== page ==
This latest installment of our Throwback Thursday: Then and Now series looks at the family car, which has gone through a number of transformations since the 1950’s.
The 1950’s and 60’s
Boomers who didn’t grow up with the station wagon surely knew at least one family who owned one. Previously regarded as commercial vehicles, sales of station wagons took off in the 1950’s until by the end of the decade it was firmly ensconced as the family vehicle of choice, peaking in popularity in the 1960’s.
Most wagons were “fully loaded” with the basic price in 1960 of about $2,600.
Safety features were almost non-existent, mostly consisting of the driver throwing her right arm across the seat to prevent a child from careening into the dashboard.
In 1956 lap seatbelts and padded dashboards were available as options and became mandatory in new cars in 1966. Seatbelts were unpopular and not widely used until legislated by law – 1976 in Ontario, and as late as 1987 in Alberta and PEI.
The Chrysler mini van was introduced in 1984. It was instantly popular and become the vehicle of choice for family transportation.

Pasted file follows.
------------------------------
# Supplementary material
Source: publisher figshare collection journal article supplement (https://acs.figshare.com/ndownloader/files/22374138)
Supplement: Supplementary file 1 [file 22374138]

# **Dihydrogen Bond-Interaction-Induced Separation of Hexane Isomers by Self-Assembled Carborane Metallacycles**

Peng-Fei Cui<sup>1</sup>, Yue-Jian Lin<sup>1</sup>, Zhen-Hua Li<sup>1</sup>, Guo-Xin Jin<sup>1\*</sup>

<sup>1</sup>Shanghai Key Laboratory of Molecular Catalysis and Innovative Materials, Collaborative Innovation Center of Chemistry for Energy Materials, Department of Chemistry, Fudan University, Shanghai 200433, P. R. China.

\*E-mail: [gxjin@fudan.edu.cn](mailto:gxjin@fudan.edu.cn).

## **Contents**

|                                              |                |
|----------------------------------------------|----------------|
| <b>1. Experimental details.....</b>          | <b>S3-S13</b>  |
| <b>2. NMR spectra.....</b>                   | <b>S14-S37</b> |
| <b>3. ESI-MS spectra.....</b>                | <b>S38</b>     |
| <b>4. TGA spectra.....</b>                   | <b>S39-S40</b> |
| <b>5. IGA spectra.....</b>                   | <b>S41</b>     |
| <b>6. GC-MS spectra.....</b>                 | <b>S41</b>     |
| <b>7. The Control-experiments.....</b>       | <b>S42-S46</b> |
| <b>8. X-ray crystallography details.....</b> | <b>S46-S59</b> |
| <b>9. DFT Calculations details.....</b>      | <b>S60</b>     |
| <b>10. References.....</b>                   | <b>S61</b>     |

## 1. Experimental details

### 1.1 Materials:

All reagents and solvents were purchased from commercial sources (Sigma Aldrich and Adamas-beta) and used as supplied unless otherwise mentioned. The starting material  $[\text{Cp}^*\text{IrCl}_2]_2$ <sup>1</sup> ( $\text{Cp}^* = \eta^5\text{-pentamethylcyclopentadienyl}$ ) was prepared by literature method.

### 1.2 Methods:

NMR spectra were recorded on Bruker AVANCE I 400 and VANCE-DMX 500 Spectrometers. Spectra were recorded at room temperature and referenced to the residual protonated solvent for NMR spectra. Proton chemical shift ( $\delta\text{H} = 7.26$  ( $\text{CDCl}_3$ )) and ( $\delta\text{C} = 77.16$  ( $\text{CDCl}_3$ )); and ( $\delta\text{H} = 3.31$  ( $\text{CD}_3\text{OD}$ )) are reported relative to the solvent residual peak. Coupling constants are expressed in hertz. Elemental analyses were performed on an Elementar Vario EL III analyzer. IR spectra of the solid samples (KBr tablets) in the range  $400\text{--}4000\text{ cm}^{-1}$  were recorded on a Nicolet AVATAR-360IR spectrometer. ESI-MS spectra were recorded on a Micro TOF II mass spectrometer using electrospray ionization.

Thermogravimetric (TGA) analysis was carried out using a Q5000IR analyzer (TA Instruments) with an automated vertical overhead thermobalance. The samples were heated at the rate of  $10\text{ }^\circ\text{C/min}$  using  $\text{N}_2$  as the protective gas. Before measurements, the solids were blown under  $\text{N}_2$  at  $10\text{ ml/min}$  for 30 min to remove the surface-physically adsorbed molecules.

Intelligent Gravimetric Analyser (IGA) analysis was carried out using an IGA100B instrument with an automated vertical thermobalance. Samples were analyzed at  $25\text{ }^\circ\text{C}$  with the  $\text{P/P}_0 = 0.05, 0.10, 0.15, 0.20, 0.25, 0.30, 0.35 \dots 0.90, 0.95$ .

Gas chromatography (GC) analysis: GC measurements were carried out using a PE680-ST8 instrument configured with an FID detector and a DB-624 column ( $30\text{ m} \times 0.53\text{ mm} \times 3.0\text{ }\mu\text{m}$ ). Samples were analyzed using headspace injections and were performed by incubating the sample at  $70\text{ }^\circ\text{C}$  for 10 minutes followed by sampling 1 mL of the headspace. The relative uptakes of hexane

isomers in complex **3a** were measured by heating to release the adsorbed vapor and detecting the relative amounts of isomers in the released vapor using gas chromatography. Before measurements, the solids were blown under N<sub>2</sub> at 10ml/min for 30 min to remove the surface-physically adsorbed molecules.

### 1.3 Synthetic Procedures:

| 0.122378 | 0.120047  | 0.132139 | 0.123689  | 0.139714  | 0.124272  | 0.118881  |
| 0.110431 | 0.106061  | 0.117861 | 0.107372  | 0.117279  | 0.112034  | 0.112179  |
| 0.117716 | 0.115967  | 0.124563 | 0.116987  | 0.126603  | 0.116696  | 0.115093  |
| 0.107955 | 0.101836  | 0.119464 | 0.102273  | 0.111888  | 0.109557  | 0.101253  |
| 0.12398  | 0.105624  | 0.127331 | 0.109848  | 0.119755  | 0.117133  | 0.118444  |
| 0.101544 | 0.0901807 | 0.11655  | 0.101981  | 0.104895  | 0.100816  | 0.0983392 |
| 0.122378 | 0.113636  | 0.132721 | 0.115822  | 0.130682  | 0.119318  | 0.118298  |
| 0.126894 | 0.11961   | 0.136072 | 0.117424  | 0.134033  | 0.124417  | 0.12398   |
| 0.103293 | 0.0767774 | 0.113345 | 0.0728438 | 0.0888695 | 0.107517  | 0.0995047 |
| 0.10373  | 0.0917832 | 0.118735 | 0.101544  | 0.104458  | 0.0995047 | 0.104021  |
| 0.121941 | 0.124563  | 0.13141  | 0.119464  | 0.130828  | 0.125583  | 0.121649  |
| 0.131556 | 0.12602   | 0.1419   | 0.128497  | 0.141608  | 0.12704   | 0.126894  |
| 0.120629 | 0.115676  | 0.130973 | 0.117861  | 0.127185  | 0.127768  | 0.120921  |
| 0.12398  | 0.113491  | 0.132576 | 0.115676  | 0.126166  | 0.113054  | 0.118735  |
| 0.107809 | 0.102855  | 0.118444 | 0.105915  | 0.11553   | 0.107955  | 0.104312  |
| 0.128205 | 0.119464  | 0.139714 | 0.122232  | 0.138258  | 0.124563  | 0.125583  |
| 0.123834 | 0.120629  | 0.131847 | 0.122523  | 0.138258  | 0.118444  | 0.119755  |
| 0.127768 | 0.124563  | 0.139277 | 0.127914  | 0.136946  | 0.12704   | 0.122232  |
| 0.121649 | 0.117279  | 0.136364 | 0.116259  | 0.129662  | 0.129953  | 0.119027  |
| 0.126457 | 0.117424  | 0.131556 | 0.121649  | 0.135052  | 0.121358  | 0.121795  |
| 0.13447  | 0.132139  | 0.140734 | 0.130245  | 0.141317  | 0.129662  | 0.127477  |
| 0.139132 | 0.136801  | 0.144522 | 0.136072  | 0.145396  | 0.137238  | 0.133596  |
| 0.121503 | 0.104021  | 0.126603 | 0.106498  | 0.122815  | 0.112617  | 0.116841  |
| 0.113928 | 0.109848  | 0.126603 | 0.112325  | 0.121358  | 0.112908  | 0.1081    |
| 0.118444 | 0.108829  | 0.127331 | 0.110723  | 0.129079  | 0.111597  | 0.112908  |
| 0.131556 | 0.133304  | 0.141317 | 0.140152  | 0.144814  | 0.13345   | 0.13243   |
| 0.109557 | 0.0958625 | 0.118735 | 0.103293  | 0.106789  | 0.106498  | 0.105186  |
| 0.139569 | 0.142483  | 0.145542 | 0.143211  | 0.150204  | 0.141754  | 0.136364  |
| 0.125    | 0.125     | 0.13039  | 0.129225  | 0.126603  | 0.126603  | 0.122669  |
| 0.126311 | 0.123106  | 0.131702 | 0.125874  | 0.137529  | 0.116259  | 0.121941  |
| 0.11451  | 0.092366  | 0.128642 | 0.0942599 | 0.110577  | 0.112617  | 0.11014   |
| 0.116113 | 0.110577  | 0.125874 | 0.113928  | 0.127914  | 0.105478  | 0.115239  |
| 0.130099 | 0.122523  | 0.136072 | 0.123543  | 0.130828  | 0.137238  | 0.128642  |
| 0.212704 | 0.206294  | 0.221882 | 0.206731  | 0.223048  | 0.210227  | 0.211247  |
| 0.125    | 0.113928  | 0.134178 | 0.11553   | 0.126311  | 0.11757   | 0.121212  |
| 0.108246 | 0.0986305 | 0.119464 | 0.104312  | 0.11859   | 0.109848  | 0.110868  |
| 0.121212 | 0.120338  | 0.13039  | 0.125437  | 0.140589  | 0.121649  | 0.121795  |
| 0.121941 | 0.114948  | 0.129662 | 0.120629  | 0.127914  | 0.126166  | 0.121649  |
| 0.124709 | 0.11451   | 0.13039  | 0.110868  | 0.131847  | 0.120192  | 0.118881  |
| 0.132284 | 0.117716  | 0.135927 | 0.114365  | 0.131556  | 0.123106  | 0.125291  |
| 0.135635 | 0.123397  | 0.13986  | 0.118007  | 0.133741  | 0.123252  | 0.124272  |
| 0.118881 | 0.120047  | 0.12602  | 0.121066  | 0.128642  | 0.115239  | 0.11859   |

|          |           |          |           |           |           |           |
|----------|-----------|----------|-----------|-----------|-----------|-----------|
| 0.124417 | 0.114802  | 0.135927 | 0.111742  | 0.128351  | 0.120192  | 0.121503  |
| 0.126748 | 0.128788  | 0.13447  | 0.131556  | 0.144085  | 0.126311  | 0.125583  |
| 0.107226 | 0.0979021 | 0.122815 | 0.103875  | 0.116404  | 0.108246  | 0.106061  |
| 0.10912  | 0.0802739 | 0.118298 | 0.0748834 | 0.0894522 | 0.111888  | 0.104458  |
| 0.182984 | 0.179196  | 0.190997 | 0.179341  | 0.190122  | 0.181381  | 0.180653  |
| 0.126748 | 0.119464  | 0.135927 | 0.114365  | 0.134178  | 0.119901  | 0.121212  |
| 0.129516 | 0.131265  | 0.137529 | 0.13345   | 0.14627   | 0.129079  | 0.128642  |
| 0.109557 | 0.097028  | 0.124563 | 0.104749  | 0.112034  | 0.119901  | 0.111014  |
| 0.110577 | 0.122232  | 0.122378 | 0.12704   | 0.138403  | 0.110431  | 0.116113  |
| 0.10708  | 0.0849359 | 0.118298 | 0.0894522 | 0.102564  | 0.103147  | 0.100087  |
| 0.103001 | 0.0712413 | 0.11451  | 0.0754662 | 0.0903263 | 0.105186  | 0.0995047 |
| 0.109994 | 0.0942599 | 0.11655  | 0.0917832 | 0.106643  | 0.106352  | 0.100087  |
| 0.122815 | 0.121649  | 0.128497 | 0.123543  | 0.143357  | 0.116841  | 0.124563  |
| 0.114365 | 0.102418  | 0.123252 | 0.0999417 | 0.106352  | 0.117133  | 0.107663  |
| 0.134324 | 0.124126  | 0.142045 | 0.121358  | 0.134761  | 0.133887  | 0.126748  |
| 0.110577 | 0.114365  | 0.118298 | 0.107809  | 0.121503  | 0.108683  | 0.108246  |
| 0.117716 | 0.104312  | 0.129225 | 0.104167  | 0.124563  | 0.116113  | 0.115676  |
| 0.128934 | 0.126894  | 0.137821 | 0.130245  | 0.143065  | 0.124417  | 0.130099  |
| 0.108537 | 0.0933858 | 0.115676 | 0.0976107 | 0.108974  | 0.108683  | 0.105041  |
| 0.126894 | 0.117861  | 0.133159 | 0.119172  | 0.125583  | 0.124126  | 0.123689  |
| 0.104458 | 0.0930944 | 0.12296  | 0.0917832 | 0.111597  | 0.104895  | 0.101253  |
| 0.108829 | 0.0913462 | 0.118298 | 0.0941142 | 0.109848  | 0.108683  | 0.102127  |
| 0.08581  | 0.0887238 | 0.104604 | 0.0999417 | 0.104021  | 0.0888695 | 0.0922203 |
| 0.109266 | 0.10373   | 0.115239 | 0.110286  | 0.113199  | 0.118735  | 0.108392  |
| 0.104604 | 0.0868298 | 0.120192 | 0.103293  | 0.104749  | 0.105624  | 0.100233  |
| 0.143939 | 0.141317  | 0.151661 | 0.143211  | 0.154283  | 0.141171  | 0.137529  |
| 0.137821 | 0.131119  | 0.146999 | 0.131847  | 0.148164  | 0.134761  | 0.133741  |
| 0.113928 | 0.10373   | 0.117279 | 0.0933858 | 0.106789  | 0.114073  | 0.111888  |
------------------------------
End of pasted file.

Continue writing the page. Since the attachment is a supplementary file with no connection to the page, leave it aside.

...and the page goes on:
It was said that the mini van become popular because people were trying to escape the “mom-mobile” image of the station wagon they grew up with. Average price was about $13,000.
Ironically, now the minivan is considered the “mom-mobile,” and style conscious buyers are swarming to SUV’s and crossovers instead.
Safety features have increased considerably with front and side airbags, ABS, traction control. All child passengers must be secured in an approved child safety seat.
Other optional features include pushbutton start, rearview camera, parking and anti-collision sensors, media centre and GPS.
Basic prices range from $22,000 to $33,000.
Your turn: What kind of car did your family have when you were growing up? What was the first “family car” you bought once you had kids of your own?